I’m not a terribly decisive person, as anyone who can remember movie reviews here, which used a scale from 1-10 in half increments can attest. Thus it should surprise no one that I had a tie for “favorite book” of 2008, between The Blind Assassin by Margaret Atwood and Virginia Woolf’s Mrs. Dalloway. I rather like the two-spot system. It allows me to be indecisive, and after all, rating books is so vicious. Reviewing them is hard enough — rather like trying to capture the taste of a fine coffee in words — but rating them is so final and arbitrary. Choosing two is perhaps no less arbitrary than choosing one, but it seems more friendly. And, in theory, two favorites allows me to have variety in my choices (although 2008’s two lushly penned literary novels about characters’ hidden internal lives may not prove that point.)
You may wonder why I am posting 2009’s favorite books in February. But since, as I posted yesterday, I don’t read in a timely fashion, my posting habits should shock no one.
Last year, my two favorites were:
The Yiddish Policemen’s Union by Michael Chabon.
This is the first thing I’ve read by Michael Chabon, tho’ several of his works are on the list. One of the things I loved about this book is how it started small, acquainting me with the details of the alternate-history setting, and reveling in the synergy of hard-boiled style with Yiddish words and fatalistic humor. Then it opened out, and out, and out.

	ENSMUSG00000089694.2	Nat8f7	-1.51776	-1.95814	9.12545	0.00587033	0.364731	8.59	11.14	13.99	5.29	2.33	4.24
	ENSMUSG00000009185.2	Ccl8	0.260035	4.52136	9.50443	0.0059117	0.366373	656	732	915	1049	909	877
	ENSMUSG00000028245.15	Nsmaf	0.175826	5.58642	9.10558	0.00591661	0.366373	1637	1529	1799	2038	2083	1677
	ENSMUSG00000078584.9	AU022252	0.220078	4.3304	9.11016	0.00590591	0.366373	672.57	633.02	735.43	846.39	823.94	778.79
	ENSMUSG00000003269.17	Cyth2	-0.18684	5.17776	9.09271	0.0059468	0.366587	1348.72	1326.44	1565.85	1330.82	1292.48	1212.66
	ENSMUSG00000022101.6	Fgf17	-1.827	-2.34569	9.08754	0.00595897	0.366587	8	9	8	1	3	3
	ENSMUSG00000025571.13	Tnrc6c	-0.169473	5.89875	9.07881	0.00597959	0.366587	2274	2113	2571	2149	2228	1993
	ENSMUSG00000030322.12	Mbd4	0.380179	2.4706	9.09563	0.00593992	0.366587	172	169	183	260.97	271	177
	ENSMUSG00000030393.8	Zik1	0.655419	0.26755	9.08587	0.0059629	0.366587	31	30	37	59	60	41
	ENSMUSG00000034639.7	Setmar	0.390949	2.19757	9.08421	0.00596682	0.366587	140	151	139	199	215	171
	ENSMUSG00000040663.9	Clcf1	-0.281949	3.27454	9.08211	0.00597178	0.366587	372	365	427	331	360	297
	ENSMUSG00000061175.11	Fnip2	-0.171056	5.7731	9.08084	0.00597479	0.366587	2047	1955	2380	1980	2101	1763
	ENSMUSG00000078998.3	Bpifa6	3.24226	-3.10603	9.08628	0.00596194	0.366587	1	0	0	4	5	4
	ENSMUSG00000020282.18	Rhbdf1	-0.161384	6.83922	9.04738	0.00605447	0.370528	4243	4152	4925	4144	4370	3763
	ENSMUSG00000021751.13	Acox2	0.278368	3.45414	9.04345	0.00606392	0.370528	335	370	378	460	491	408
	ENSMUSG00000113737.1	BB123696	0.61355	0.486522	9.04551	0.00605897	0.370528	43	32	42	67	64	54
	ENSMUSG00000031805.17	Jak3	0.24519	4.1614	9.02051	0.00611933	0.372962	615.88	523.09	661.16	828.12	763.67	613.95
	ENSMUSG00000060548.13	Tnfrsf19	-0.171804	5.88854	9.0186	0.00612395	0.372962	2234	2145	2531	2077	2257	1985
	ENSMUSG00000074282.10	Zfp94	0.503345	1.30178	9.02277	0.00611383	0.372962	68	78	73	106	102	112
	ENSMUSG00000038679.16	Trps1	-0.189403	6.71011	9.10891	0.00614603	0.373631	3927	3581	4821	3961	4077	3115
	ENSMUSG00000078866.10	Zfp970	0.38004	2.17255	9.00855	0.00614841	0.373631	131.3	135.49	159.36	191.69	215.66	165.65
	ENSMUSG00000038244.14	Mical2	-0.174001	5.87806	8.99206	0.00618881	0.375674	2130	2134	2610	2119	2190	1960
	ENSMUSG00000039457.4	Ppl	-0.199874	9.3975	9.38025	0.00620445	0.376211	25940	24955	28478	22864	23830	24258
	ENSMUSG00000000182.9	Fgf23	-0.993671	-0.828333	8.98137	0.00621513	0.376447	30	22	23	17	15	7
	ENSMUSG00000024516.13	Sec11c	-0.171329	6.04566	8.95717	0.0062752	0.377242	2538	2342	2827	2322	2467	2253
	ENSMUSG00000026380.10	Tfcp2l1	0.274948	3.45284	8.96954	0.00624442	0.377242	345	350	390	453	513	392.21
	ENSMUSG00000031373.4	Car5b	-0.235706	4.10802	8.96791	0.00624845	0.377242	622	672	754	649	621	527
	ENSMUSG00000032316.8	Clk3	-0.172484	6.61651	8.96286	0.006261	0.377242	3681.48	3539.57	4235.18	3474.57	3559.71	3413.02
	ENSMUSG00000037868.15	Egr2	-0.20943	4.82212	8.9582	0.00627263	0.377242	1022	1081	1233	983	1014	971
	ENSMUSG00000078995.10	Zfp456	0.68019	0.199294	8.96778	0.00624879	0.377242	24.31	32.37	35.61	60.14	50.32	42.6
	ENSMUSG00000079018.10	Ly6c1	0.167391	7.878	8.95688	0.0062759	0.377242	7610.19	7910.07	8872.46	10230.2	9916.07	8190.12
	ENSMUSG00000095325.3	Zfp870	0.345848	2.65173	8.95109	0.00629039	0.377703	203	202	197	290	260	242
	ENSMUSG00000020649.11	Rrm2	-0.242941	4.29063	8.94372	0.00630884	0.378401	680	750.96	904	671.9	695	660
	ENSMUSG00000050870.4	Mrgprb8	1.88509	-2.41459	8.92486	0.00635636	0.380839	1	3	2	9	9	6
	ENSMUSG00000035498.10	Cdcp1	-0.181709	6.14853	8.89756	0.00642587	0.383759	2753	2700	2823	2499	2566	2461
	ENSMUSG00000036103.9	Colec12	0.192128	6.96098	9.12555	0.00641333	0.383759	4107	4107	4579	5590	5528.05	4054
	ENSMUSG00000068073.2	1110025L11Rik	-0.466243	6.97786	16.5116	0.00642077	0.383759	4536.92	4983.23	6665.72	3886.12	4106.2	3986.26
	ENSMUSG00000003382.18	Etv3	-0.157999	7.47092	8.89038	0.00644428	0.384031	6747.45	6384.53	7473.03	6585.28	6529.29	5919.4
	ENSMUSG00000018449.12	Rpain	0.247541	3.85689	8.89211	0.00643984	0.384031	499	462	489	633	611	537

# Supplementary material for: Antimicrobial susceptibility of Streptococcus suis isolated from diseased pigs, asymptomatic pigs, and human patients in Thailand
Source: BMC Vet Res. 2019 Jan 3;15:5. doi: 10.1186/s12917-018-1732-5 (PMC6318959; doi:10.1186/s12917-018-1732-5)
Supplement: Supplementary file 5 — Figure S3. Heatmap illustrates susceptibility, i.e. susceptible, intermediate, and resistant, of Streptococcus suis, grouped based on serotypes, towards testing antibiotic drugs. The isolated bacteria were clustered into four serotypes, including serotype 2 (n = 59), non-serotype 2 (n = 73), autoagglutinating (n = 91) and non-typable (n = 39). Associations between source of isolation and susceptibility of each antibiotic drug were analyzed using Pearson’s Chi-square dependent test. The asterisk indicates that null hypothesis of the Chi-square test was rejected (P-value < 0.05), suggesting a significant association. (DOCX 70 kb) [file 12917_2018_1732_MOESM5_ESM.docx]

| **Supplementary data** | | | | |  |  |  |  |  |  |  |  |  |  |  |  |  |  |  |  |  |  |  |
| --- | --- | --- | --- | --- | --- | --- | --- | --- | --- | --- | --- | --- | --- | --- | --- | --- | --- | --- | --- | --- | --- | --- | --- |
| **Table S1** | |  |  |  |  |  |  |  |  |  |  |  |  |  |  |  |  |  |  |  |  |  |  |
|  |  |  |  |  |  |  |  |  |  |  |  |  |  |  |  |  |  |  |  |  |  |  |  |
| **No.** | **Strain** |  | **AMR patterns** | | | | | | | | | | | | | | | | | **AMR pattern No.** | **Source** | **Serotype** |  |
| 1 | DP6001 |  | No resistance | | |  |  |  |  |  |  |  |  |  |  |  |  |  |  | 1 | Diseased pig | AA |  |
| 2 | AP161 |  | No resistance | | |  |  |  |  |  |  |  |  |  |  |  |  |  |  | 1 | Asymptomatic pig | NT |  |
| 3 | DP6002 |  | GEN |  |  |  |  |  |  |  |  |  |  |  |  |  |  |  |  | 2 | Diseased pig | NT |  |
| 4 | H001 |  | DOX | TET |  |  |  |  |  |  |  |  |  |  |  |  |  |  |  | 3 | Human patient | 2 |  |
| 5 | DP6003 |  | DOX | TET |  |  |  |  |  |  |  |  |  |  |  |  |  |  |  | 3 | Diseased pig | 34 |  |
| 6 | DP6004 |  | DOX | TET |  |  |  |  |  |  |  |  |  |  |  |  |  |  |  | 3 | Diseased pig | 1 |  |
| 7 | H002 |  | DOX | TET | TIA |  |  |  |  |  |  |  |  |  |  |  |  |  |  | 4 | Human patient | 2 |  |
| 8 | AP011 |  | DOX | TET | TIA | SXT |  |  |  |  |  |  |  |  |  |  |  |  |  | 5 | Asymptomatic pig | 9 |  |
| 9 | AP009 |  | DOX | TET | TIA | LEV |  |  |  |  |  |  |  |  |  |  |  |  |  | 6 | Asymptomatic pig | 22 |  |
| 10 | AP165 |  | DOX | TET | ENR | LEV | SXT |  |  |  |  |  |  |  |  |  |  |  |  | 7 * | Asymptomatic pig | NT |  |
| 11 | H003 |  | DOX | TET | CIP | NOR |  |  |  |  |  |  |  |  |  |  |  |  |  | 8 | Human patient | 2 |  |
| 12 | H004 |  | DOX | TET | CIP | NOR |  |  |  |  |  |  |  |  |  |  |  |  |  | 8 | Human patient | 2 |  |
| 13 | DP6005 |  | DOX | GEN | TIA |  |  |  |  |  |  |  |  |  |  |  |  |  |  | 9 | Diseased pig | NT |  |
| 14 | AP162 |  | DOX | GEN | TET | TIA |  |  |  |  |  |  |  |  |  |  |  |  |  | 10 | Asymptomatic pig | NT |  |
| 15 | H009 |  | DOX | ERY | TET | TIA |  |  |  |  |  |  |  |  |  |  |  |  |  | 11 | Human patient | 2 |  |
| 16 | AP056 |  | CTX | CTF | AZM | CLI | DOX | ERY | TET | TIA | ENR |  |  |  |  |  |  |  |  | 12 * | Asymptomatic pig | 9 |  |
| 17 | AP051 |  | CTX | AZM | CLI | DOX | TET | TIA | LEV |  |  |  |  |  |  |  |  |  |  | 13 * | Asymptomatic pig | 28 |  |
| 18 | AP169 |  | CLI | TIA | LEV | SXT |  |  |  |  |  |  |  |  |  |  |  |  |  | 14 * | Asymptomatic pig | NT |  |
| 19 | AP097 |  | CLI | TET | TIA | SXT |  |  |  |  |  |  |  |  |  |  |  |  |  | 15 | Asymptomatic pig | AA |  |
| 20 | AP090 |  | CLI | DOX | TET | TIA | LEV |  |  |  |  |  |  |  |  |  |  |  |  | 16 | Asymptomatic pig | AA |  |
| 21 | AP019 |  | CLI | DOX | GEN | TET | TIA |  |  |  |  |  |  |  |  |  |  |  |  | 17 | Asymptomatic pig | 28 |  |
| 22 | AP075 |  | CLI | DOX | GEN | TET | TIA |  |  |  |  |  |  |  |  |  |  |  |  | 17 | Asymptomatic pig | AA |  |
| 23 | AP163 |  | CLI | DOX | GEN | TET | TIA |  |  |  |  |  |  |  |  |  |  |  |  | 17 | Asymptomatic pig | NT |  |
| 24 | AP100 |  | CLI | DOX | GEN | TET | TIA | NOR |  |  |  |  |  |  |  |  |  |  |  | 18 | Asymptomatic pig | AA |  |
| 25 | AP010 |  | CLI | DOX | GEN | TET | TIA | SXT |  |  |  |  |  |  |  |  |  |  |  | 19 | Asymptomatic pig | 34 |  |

It works as a murder mystery, and an alternate history. It’s well-paced, beautifully built, and has an ample helping of intrigue and danger. But by the end the stakes are higher, and the meaning greater, than I ever would have guessed from the simple joys of the first few chapters. It had me weeping. The characters, even archetypical Detective Landsman, are vivid and likeable. The writing is witty, if occasionally over the top. It’s just a splendid, unique story.
The Player of Games by Iain M. Banks.
This is the second book I’d read by Iain M. Banks (now I’ve read three) and it really cemented his place in my esteem. It’s a smart, almost virtuosic science fiction novel set in his Culture universe. It’s about societies, the power of culture and language, and yes, games. The writing is very precise, the characters believable even when they are unpleasant. The settings are imaginative — in one case, both giving me my first suspicion that Iain M. Banks is a fellow geology geek, and one of the strongest attacks of sensawunda I can readily recall. (Banks’s work is fairly sensawunda-intensive, I’d say.) Most of all, it is, as I said, smart. The plot, themes and subtext are all honed and working together. It’s as impressive as it is enjoyable.
I was actually rather shocked to realize this book was written in 1988. I didn’t notice anything that dated it at all. I’m pretty sure this book — its layers of meaning and insight, its intricate plot, the mindblowing settings and sense of scale and space — will stick with me for years to come. Thank you to Michael for recommending it to me and Ryan, and to Ryan for buying it and leaving it within easy reach.
Postscript: Man, look at those covers. Different, striking, communicative. I especially love the Banks cover.